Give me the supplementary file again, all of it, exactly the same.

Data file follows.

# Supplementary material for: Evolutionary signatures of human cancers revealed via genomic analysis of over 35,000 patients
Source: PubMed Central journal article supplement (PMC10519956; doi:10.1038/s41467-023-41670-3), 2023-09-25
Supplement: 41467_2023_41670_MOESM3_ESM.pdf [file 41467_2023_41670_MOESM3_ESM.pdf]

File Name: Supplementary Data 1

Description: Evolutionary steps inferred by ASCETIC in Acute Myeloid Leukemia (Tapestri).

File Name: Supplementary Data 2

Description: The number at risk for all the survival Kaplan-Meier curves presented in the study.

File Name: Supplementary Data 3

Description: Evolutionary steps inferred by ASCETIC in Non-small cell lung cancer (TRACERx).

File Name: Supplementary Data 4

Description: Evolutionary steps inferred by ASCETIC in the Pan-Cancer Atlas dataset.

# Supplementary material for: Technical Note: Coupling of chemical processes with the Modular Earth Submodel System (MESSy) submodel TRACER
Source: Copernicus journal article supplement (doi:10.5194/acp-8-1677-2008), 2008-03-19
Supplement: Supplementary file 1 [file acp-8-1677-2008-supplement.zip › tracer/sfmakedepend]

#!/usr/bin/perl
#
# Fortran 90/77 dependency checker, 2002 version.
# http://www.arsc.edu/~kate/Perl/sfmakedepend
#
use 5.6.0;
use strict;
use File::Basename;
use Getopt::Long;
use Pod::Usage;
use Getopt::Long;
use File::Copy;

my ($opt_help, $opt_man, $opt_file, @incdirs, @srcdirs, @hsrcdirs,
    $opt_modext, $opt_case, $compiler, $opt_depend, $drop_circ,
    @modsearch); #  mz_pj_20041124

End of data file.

# Supplementary material for: Evolutionary signatures of human cancers revealed via genomic analysis of over 35,000 patients
Source: PubMed Central journal article supplement (PMC10519956; doi:10.1038/s41467-023-41670-3), 2023-09-25
Supplement: 41467_2023_41670_MOESM3_ESM.pdf [file 41467_2023_41670_MOESM3_ESM.pdf]

File Name: Supplementary Data 1

Description: Evolutionary steps inferred by ASCETIC in Acute Myeloid Leukemia (Tapestri).

File Name: Supplementary Data 2

Description: The number at risk for all the survival Kaplan-Meier curves presented in the study.

File Name: Supplementary Data 3

Description: Evolutionary steps inferred by ASCETIC in Non-small cell lung cancer (TRACERx).

File Name: Supplementary Data 4

Description: Evolutionary steps inferred by ASCETIC in the Pan-Cancer Atlas dataset.

# Supplementary material for: Technical Note: Coupling of chemical processes with the Modular Earth Submodel System (MESSy) submodel TRACER
Source: Copernicus journal article supplement (doi:10.5194/acp-8-1677-2008), 2008-03-19
Supplement: Supplementary file 1 [file acp-8-1677-2008-supplement.zip › tracer/sfmakedepend]

#!/usr/bin/perl
#
# Fortran 90/77 dependency checker, 2002 version.
# http://www.arsc.edu/~kate/Perl/sfmakedepend
#
use 5.6.0;
use strict;
use File::Basename;
use Getopt::Long;
use Pod::Usage;
use Getopt::Long;
use File::Copy;

my ($opt_help, $opt_man, $opt_file, @incdirs, @srcdirs, @hsrcdirs,
    $opt_modext, $opt_case, $compiler, $opt_depend, $drop_circ,
    @modsearch); #  mz_pj_20041124